Experimenting with the Serve Take Back

So, today I tried to change up my serve by lengthening the take back to the traditional long, pendulum like action which players like Roger Federer and Serena Williams use.

The traditional take back was what I learned when I was younger, and it gave me great results. However, when I injured my shoulder due to a messy arm slip while doing a push up I was advised to change my swing to the more modern abbreviated motion. That was my rehab serve. But personally I’ve always felt that it never matched up to the traditional motion that I learned when I was younger.

These are the pros and cons that I feel come along with each motion:

Traditional, Full Take Back

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Pros: It creates momentum. What is momentum? It’s mass into acceleration. The longer motion allows for more time for the mass of the racquet to accelerate. This creates the force needed for faster racquet motion upwards into the ball while serving. The extra ‘push’ or force that the player needs to exert to propel the racquet upwards to hit the ball is decreased by the momentum in the take back, creating a more natural and flowing action.

Cons: It’s easy to loose control of the racquet, and have variations in the position of the racquet before you reach trophy position. A longer swing gives more chances for there to be some mistake or some inconsistency in the take back, which can cause errors in serves. There’s also an issue with timing. While some people might find it easier to time their toss with the longer take back of the racquet, some might find it difficult. It ultimately boils down to what the player feels suits them better.

Abbreviated Take Back

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Pros: An abbreviated motion leads to a compact swing, with less room for error and mishap. It leads to a more consistent take back motion, and it takes less time for the player to reach trophy position. It also results in more control on the racquet at trophy position. The player will find it easier to prevent the elbow from bending to much or the racquet from dangling downwards, until they have to push up with the shoulder into the serve. It may also be easier for the player to time their toss with the abbreviated motion, creating a synchronized motion, which is key for the proper functioning of the kinetic chain, which leads to power.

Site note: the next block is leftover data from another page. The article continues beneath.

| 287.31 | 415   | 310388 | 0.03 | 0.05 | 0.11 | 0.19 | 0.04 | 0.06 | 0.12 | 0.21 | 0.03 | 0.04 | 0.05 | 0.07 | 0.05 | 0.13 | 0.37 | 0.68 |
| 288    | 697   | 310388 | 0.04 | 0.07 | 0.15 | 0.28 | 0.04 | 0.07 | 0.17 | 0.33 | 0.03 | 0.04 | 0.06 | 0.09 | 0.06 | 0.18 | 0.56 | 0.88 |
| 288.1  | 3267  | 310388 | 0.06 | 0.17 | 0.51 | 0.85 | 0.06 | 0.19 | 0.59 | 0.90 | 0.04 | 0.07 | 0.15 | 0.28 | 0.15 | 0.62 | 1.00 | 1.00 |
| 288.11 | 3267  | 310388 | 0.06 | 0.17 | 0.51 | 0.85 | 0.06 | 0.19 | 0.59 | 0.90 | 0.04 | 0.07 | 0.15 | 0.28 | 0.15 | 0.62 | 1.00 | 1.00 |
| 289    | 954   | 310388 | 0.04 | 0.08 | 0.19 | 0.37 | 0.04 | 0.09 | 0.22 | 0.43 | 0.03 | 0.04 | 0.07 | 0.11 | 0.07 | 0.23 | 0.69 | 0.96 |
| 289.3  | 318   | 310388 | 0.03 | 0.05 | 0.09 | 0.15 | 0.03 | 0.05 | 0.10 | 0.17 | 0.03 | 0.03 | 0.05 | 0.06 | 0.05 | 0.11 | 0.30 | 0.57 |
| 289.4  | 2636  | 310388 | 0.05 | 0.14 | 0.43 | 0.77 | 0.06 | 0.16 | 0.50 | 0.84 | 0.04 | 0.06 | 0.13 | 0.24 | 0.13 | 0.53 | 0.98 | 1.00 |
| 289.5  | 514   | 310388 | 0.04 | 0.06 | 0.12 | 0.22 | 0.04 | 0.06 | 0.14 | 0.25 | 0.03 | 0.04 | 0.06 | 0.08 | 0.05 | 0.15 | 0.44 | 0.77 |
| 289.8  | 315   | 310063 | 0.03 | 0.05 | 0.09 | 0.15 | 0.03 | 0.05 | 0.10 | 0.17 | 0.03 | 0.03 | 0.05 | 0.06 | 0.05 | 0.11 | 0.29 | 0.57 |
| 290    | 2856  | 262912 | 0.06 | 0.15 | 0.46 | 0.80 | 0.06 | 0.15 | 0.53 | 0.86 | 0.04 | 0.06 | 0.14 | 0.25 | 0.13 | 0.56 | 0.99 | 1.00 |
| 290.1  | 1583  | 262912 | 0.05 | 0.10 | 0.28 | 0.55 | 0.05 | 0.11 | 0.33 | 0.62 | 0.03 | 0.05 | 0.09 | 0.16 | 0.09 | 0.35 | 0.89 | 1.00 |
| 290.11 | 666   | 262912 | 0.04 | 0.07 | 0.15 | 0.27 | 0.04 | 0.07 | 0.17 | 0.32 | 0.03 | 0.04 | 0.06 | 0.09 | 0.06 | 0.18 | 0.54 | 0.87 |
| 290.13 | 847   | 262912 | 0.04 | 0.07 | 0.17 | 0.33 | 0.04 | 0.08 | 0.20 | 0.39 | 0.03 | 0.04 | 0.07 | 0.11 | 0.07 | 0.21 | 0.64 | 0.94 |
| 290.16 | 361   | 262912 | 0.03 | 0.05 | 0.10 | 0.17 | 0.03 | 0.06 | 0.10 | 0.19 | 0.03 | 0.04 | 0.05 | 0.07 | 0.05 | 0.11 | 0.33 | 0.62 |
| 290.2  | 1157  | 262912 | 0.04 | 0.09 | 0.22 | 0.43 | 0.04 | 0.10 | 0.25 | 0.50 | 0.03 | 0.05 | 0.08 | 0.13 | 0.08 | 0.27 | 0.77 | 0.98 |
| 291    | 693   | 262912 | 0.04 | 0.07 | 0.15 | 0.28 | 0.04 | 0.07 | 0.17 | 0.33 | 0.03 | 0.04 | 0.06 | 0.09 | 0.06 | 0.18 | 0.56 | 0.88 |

Cons: Less momentum. You will have to defy inertia. For this type of take back, either it comes naturally, like Andy Roddick, or the player is able to defy gravity with the acquisition of muscle. Of course, it was tougher for me to change my action because I had grown up learning the traditional swing, and it had worked well for me. It might be easier for beginners to get a hang of the abbreviated motion.

Today, I went back to the traditional long motion, and I felt more ‘at home’ with the motion. I also saw a dramatic increase in my power. I will be sticking to the change for a few more days, to see how things work out.

My final word of advice would be to not change your service take back, unless you feel that you are experiencing timing problems with the toss, or other technical difficulties even after months or years repetition. Service is a tricky thing, and depends a lot on each players individual feel of the motion. Experiment, find what’s working best for you, and then stick to it!

  • nidhi

    well noted ….